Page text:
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What do you mean? Well, Jaye, by nature, was someone who was flying away from everything. She was more mysterious than Gen in terms of telling her life and being filmed. She was much more shy, much more reserved, and she had many lives. She was a nurse. She was a dominatrix. She was a performer. She had a crazy life. But a very kind heart and, yet, really strong, like kind of “the man of the couple” sometimes. When she passed away, I didn’t have enough images or sound recordings of her. So I went through all the sound and found those moments where she would talk or sing or would be moving dishes in the background and really placed her in that space, which is actually the way it is really like. Even in death it feels like she’s still alive because Gen makes songs about her, writes about her and talks as if she and Jaye are still together. She’s still there in the air. Some people reproach me like, “Why didn’t we see as much of Jaye as Gen?” But to me, it remained very faithful to what I experienced with Jaye, so I didn’t feel like I lacked something in a way.

FILMMAKER: What about technology in general? You’ve chosen an almost archaic way of making your films. I like the heaviness [of the video camera] and focus of the three minutes. The character has a different reaction because it’s an ancient, old thing with no sound. It’s very different than if I filmed forever on video, recording a lot. I would see things about Gen that I wanted to portray in a very ancient way. Like, she’s like a bird, so I built this bird costume where she’s just like in a black-and-white silent film, floating on the black background. I’d love to try to synch sound one day. It’s just I work alone with a 16mm camera, so it’s very difficult to do sync sound.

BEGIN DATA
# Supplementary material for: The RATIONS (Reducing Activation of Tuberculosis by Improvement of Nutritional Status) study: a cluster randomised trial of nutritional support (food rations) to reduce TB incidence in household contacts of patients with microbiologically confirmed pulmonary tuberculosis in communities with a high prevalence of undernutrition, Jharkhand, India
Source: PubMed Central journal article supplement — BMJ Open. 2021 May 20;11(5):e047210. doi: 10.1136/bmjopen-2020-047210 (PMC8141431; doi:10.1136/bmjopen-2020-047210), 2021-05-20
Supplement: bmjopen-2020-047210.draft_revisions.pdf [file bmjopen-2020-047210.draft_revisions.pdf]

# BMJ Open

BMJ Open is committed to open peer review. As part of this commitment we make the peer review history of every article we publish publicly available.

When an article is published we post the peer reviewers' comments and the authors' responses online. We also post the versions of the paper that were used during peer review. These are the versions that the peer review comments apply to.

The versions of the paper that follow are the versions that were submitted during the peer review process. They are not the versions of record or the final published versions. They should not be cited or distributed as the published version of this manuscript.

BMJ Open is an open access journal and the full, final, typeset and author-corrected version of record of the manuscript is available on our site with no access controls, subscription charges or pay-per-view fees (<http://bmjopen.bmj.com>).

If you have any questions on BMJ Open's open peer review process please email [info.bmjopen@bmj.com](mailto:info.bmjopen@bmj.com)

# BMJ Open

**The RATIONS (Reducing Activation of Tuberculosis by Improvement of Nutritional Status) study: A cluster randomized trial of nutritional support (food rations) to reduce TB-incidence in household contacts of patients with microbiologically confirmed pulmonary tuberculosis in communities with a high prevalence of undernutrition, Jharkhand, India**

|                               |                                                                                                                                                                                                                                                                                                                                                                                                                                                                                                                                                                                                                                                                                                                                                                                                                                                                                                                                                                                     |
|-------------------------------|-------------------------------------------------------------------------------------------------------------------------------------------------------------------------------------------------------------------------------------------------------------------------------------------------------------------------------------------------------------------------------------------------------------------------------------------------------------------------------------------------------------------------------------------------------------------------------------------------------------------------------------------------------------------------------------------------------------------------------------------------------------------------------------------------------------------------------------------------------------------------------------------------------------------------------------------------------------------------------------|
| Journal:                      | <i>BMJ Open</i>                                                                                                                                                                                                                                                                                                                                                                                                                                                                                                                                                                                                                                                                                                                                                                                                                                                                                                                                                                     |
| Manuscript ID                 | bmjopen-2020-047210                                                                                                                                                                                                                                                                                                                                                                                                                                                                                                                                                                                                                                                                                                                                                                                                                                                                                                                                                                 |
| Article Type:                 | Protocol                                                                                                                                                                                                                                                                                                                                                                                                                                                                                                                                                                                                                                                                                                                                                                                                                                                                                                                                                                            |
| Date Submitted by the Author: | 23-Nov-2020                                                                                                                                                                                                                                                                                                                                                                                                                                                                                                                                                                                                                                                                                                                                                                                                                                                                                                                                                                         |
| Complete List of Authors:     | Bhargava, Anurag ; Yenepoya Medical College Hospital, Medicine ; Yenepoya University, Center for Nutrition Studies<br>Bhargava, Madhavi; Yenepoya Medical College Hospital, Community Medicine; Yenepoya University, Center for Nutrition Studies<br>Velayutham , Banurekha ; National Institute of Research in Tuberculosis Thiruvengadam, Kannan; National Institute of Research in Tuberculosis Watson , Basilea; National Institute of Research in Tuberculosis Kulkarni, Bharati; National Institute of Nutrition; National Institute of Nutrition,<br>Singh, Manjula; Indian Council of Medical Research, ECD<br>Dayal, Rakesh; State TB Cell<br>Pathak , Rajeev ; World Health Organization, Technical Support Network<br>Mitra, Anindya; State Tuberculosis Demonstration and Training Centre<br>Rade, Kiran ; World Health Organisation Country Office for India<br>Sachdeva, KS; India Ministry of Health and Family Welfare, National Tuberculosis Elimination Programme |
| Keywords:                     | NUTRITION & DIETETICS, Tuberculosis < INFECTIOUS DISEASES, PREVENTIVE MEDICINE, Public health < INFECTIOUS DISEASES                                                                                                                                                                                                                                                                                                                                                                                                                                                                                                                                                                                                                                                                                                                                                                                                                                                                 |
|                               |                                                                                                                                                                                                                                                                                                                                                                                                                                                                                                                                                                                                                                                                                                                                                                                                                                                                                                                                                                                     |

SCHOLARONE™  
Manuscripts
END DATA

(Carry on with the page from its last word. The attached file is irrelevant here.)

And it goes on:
Have you been surprised by people’s responses to the film? I am surprised because, I mean, you know me, I come from experimental film. I don’t live from my work. I make it out of love, devotion. Sometimes I think I’m ridiculous to put that time and money and health into these things, but I have to. And so the audience, for years, has been small. I never thought of reaching out to more people. But in a way nothing’s changed. I still pay rent and work fulltime and I go to shitty hotels when I’m on tour [with the film]. It’s not a glorious life.